Horrific Storms That Worried, Confused and Tortured Everyone

By HUNTER BOWDOIN LEACH

1,598, 2,856 and 2,633. This is how many miles away Thornton students were were from their loved ones as they worried about them facing treacherous hurricanes, earthquakes and fires.

Since the start of school this fall, 149 people were killed during the horrific earthquake in Mexico City. According to CNN in the same month, “Over 122,000 acres were burned in California, much of it the lush, picturesque landscape of the state’s beloved wine country.” The area impacted in Napa and Sonoma was three times larger than Washington, D.C.  Roughly 200,000 people were ordered to leave their homes with 49 people died in California due to raging fires. And on the other coast in Florida, homes of roughly 7 million people were hit during hurricane Irma, 134 people were killed.

Add to those events horrible devastation in Puerto Rico, Texas, and on many Caribbean islands. Mother Nature had a busy, bad ass fall. Although these dramatic weather events were far away from home, they affected many T.A. students directly.

Valentina Flores Caceres is an international student spending her senior year at Thornton. Her father and his family live in Mexico City where the initial impact of the most recent earthquake occurred.

“I felt powerless,” said Flores. “I wanted to go help, but I couldn’t.” She was happy to hear that everyone had open doors for whoever needed help. People helped others by sheltering those who needed it.

The 7.1 earthquake shook Mexico City making it the second worst earthquake ever. It caused major destruction, and many buildings and structures were destroyed. People were killed and many families had nowhere to stay for days. What people don’t understand is that even when you’re not hurt physically, disasters can take an emotional toll.

Normal reactions to tragic weather events may include intense, unpredictable feelings; trouble concentrating or making decisions; disrupted eating and sleeping patterns; emotional upsets on anniversaries or other reminders; strained personal relationships; and physical symptoms such as headaches, nausea or chest pain. Psychological research shows that most people are able to successfully recover from disaster, but taking active steps to cope is important.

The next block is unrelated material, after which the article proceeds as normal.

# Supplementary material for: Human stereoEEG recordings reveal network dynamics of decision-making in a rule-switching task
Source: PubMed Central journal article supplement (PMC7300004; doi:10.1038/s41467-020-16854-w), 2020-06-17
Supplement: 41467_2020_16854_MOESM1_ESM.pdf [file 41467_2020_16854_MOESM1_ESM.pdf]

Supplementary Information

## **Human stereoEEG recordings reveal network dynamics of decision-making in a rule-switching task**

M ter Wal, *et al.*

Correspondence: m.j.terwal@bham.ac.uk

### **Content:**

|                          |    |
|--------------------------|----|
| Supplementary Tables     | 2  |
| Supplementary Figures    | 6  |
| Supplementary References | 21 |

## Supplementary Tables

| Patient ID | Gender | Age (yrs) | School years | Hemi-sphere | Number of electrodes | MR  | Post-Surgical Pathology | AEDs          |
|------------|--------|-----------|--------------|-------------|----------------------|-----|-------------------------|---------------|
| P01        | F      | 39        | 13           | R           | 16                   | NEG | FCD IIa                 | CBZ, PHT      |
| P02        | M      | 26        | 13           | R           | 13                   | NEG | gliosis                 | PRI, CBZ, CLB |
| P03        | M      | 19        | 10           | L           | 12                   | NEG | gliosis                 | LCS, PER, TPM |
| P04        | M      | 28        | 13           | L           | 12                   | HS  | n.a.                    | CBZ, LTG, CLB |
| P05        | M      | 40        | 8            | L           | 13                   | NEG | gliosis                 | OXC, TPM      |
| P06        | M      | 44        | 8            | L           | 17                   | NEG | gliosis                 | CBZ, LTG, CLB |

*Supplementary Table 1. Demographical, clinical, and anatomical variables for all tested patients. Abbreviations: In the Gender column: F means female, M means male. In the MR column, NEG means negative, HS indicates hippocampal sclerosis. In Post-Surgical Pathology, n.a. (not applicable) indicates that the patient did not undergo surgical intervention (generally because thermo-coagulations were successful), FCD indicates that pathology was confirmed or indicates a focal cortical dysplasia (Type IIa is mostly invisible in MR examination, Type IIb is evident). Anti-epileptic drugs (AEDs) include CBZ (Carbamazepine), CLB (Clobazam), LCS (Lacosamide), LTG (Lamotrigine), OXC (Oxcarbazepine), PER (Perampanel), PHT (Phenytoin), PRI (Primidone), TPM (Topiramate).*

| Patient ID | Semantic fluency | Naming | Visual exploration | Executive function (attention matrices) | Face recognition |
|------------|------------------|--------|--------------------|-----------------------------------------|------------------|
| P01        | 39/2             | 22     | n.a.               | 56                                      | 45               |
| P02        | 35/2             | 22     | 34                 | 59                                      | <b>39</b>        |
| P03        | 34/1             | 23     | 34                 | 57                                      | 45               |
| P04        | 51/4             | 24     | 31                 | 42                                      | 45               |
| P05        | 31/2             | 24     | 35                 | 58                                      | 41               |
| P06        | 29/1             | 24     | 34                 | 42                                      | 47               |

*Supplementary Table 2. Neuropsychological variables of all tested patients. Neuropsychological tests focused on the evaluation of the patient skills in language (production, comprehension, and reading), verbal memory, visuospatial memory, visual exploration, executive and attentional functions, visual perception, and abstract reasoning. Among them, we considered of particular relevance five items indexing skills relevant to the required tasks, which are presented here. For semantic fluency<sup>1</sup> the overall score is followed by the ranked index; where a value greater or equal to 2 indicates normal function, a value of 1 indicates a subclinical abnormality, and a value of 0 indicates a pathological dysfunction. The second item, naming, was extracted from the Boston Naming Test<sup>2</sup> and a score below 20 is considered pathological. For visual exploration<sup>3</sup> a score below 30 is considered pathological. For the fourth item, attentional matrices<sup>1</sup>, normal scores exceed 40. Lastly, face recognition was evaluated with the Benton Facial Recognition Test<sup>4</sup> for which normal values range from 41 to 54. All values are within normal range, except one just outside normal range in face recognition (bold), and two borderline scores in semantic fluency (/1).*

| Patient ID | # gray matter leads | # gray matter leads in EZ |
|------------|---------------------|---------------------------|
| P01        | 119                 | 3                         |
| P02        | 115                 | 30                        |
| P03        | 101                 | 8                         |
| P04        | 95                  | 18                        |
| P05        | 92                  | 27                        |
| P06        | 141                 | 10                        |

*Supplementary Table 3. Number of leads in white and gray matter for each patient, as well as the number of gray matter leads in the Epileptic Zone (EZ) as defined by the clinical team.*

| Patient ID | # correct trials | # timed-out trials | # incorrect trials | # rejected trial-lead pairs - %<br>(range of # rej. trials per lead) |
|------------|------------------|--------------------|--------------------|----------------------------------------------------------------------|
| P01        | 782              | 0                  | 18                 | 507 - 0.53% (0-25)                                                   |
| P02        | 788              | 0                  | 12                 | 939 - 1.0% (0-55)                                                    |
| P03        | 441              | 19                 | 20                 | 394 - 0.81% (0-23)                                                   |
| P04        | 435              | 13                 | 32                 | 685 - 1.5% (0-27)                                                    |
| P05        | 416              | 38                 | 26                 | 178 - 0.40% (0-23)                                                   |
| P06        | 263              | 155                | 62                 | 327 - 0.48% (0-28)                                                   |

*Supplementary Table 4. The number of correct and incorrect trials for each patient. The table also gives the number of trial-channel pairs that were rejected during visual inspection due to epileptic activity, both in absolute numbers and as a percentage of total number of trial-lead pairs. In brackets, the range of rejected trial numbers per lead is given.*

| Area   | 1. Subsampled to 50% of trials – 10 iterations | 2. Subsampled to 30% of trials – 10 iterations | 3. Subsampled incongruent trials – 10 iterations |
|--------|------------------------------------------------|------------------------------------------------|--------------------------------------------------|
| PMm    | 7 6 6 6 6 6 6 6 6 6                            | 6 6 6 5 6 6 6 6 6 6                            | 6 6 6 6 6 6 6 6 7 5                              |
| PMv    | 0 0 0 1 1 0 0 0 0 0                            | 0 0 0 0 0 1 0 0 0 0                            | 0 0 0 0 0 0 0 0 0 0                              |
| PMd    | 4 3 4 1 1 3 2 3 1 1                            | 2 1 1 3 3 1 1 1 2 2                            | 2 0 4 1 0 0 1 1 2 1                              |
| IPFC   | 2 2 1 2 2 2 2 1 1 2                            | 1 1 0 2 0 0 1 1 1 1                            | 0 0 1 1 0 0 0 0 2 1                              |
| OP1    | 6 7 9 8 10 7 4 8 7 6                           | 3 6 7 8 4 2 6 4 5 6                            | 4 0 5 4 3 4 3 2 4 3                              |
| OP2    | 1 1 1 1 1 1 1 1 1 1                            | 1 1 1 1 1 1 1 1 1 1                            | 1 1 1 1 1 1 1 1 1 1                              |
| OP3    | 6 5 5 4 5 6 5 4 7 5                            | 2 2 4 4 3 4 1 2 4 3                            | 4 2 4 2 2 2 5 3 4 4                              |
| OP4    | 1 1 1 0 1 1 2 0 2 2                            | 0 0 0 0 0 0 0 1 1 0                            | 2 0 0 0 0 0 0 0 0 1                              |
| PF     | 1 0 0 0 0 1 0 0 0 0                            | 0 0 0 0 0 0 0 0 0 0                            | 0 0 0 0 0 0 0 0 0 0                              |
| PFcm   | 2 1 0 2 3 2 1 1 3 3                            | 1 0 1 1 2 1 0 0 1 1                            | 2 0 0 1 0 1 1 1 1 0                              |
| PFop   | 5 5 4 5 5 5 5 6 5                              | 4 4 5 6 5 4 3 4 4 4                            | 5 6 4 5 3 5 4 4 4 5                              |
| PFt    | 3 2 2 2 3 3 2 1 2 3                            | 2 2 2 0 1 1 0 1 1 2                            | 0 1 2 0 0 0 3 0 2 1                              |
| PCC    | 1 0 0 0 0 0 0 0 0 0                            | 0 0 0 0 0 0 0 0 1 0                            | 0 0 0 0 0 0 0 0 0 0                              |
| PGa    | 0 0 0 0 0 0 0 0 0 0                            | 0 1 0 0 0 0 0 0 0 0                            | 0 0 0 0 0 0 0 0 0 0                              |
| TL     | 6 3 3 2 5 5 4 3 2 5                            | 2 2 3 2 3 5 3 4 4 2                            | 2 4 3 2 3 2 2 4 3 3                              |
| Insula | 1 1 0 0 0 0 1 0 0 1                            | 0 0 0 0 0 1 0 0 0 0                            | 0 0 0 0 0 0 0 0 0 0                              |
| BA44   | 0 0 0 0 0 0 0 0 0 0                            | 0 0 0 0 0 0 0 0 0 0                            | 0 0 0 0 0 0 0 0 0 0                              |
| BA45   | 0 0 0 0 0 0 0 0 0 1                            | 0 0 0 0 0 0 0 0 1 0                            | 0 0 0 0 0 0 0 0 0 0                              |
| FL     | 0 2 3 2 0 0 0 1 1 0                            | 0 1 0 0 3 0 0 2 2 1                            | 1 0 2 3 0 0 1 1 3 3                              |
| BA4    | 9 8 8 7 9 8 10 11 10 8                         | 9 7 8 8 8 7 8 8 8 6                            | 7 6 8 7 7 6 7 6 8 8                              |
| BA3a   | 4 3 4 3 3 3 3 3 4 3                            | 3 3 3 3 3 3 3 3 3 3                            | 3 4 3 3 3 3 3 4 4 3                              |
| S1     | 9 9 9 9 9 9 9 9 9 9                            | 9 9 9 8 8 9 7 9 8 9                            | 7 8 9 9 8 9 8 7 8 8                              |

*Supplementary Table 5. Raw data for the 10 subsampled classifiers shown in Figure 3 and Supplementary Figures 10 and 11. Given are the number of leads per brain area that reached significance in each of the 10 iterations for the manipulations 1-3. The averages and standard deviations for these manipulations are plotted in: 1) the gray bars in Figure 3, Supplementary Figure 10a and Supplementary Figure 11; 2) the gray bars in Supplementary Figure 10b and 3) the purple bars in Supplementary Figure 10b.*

Flores is not the only person facing the wrath of the storms impacting families who live far away from Maine, many people are and we shouldn’t be going through it alone. Flores and her family are strong and this event makes them closer than ever.

James Fitzpatrick is also another senior who has lived in Maine and goes to Thornton Academy. His grandparents were in California during the historic wildfire. James said, “I was actually suppose to go visit them next month but because of the fires my mother doesn’t think it’s safe at the moment.”

According to the New York Times, as of October 12th, 21 major fires were burning five days after the threat of wildfires began and they had consumed more than 191,000 acres and killed 29 Napa Valley residents.

Fitzpatrick felt helpless watching the burning landscape on television and said,  “I am only one person and don’t have the manpower to change or help anyone, my grandmother and grandfather could see out the backyard window the line from where the fire came too close for comfort.”

Luke is a Thornton Academy senior, who has lived in Maine his whole life. His family was stuck in the middle of hurricane Irma which destroyed thousands of houses, and people’s lives.

He said, “I felt sad, lonely and scared because I have family that were stuck in Florida and the flooding took out all the service in that area so no calls where getting through.” He continued to say that many people around the area lost everything and had nowhere to go, and no simple appliances. “I wish they lived here in Maine because the worst weather we get are snow stormes.”

Little did he know what was headed our way in late October in the form of an unexpected rain and wind event that knocked out power for 1.2 million Mainers. After a week, some were still waiting for power to return!

Senior Maria Serneres who lives in Saco said, “It wasn’t till friday night that our power was turned back on, we lasted from Monday early morning to Friday night.” Their family did not have a generator so she stayed at a friend’s house for most of the time without power. 

The crazy events this fall have left many wondering what is in store for this winter.   

WCSH6 predicts weather in Maine this winter will be a mixture of  “The cold, the dry, the wet, and the wild.” Their team suggests “colder-than-normal temperatures for eastern and central regions.”

According to alum Tyler Cadorette ‘10, meteorologist for WMTW-TV channel 8 News, “It’s hard to say exactly what this winter will look like, but the forecast suggests that it may be slightly warmer than average and active in terms of storms. No guarantees that will be the case (it’s been off many times before), but being prepared for a harsh winter is always better than being caught off guard.”

Many businesses went through a lot making sure that losing power wasn’t an issue, like Pratt and Whitney. For a huge corporation, they can’t afford to lose power, so they make sure they have every outcome figured out.

There is an upside to this crazy unpredictable fall. Many find themselves feeling more connected to neighbors than ever in the wake of the storm and reminded to appreciate the small things like a warm dry bed and water. As one anonymous quote on Tumbler reminds us, “Struggles are required in order to survive in life, because in order to stand up, you gotta know what falling down is like.” 

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